Thursday, March 10, 2016

Unoriginal Sin: Part II

Let's acknowledge the elephant in the funeral parlor.

Obviously, this two-parter on Originalism was prompted by the recent death of Supreme Court Justice Antonin Scalia. There was no advocate of Originalism on the court more conspicuous or malicious than Scalia. Thus, his name became synonymous with this spectacularly dishonest doctrine.

But Justice Scalia did not originate Originalism. Indeed, he did not even put the idea on the map. That dubious distinction goes to Robert Bork, who Ronald Reagan had sought (and fortunately, failed) to put on the court. Un-fortunately, Bork became a martyr in conservative lore, which helped pave the way for other conservative appointments - like Antonin Scalia.

I talked a lot about Robert Bork in my book because his hostility to liberty and equality were legendary. This was valuable to me because my thesis was that conservatives dislike the three interdependent Enlightenment ideals of liberty, equality, and democracy that America was founded on. Bork argued that liberty and equality had both gotten out of control – while contradictorily arguing that they were locked in a zero-sum game. He never really reconciled this.(1)

Moreover, Robert Bork was what I called “a treasure trove of profoundly unpatriotic thought.” He believed that “current liberalism’s rot and decadence is merely what liberalism has been moving towards for better than two centuries.”(2) In other words, since our nation’s founding. And what is liberalism? Bork wrote, “Liberalism does not vary; it is always the twin thrusts of liberty and equality, and they never change.” Of course, for someone writing a book entitled Conservatism is Un-American, Bork's works comprise a horde of rhetorical gold that cannot be ignored. Talk about The Tempting of America.

And I am not twisting Bork’s words: He explicitly cites the American Revolution and the Enlightenment. “The idea of equality began to undergo considerable and worrisome change soon after its enshrinement in the Declaration.”(3) Yes, people started applying it – a logical result, especially since we had complained so bitterly of English tyranny.(4) And here is Bork on individual liberty:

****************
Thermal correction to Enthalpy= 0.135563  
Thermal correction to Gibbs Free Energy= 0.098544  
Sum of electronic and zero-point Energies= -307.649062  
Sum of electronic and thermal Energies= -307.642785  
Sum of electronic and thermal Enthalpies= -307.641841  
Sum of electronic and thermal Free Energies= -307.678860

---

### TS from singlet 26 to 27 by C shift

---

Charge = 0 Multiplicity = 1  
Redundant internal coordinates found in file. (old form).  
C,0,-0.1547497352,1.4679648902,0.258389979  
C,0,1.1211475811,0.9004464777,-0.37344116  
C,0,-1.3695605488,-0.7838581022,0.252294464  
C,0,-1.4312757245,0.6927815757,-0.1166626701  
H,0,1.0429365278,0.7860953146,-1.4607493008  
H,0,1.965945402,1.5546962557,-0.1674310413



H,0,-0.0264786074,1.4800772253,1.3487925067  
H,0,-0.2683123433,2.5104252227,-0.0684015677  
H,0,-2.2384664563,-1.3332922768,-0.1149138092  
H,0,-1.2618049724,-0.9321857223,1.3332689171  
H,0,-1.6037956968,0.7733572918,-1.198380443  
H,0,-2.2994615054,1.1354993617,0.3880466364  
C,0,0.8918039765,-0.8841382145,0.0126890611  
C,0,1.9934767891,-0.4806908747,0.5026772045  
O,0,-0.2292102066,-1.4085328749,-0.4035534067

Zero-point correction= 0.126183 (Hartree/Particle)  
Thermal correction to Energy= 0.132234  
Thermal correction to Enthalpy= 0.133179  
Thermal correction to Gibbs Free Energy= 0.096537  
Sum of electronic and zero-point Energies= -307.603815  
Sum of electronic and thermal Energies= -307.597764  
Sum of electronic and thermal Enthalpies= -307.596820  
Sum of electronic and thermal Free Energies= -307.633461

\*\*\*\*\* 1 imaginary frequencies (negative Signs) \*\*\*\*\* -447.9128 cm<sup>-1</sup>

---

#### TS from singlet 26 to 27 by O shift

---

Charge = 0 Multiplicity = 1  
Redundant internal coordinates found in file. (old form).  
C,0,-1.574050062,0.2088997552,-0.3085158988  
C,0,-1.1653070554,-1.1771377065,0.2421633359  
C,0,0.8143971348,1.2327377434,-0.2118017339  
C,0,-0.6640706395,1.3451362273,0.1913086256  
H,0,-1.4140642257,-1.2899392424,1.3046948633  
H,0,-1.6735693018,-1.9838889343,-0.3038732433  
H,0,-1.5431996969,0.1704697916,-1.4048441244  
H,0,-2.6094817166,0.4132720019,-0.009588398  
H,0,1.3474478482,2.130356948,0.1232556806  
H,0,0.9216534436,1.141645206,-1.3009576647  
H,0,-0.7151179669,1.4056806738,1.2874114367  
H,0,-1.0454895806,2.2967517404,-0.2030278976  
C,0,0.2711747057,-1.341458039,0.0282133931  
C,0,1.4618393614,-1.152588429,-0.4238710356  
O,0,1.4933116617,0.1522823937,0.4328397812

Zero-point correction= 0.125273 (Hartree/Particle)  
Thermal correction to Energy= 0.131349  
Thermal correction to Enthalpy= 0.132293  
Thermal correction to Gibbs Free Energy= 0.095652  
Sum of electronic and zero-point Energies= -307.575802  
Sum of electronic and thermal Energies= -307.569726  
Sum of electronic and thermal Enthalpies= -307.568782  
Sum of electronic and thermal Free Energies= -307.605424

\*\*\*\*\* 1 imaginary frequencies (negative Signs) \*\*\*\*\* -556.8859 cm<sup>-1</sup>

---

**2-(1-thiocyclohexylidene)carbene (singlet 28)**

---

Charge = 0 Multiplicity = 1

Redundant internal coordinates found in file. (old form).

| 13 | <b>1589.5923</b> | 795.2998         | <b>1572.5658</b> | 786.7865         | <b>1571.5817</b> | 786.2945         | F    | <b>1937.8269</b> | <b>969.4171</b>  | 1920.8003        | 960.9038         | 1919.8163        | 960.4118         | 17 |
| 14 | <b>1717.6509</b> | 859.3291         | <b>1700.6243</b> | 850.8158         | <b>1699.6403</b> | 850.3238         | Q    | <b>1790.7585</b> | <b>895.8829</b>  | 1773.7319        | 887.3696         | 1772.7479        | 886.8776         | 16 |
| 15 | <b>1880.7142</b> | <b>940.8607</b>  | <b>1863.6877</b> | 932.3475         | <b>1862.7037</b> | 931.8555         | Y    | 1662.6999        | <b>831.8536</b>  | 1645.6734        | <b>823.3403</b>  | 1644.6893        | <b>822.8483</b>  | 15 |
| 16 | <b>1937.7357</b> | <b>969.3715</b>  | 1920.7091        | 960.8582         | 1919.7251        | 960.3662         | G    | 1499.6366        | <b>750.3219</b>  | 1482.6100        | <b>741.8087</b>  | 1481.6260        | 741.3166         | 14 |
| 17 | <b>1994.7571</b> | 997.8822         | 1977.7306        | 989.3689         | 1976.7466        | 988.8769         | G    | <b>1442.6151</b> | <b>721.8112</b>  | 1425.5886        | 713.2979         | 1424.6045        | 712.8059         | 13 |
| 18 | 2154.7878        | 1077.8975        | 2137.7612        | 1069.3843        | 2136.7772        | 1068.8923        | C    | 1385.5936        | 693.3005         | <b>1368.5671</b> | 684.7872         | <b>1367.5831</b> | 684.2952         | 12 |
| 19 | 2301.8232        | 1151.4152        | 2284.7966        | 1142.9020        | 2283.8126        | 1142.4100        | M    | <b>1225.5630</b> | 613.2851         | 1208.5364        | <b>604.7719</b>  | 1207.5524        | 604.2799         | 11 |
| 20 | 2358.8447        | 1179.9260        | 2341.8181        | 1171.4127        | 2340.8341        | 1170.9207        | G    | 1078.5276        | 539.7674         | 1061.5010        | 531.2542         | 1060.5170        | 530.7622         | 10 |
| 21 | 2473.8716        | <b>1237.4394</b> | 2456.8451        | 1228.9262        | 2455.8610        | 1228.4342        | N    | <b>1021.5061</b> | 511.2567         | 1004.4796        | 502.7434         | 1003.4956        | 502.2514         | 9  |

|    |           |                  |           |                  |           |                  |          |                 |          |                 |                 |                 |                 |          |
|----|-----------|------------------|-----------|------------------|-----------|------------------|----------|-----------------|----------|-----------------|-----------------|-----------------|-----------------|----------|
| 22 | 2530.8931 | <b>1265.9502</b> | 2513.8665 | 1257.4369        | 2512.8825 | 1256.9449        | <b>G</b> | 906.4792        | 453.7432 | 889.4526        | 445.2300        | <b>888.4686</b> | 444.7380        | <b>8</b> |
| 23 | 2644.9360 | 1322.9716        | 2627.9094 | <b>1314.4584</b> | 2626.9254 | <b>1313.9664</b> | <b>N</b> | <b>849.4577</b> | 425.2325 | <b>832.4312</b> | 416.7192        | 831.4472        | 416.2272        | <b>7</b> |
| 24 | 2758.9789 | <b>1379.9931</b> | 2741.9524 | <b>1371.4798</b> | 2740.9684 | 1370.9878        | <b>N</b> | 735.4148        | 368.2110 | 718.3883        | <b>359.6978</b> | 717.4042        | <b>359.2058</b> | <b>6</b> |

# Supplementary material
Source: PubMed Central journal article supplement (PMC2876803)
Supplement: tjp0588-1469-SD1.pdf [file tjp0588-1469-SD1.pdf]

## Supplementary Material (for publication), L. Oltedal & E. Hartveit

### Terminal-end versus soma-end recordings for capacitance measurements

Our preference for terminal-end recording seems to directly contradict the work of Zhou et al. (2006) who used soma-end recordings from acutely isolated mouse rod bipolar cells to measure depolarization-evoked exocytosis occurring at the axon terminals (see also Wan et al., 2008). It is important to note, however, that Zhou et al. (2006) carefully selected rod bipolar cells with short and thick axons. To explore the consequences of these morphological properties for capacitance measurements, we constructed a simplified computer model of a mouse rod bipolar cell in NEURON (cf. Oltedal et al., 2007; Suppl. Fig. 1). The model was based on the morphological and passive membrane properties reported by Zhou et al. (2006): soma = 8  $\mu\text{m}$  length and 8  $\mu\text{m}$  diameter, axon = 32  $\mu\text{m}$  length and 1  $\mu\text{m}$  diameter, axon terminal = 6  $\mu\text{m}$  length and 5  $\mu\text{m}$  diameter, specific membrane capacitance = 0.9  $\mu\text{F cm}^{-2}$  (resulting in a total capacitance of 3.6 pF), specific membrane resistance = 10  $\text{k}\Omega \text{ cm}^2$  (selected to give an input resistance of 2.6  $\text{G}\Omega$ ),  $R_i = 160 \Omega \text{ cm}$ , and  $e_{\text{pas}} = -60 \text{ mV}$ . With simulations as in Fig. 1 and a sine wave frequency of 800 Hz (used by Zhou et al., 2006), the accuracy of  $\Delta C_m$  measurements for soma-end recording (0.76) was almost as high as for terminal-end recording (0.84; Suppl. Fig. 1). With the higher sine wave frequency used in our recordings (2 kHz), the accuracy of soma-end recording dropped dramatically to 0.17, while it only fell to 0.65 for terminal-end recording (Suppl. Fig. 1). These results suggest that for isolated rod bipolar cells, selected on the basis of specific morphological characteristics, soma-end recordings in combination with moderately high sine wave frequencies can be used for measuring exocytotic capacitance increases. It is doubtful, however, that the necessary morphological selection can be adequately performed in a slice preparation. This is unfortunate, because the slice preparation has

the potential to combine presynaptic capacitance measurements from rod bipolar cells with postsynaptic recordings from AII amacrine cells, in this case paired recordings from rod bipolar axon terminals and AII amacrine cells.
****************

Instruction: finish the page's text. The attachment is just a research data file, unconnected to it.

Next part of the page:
Jefferson was a man of the Enlightenment and the Declaration of Independence is an Enlightenment document. That means not only faith in the power of reason to build a just and stable social order, but also emphasis on the individual as the building block of society. The Enlightenment optimists made a serious mistake about the nature of the individual human in whom they placed so much faith.(5)
And what I have quoted thus far is just the tip of the iceberg.

At this point, you are probably wondering how accurately such a hostile critic of the Enlightenment would interpret the Constitution. The answer is pretty awkwardly.

Let's zero-in on liberty for a bit. Thomas Jefferson said, “Rightful liberty is unobstructed action, according to our will, within limits drawn around us by the equal rights of others.”(6) Or as one-time conservative icon Barry Goldwater put it, "I am a conservative Republican, but I believe in democracy and the separation of church and state. The conservative movement is founded on the simple tenet that people have the right to live life as they please as long as they don’t hurt anyone else in the process."(7) The logical corollary of this is that our rights are infinite in number, but not breadth.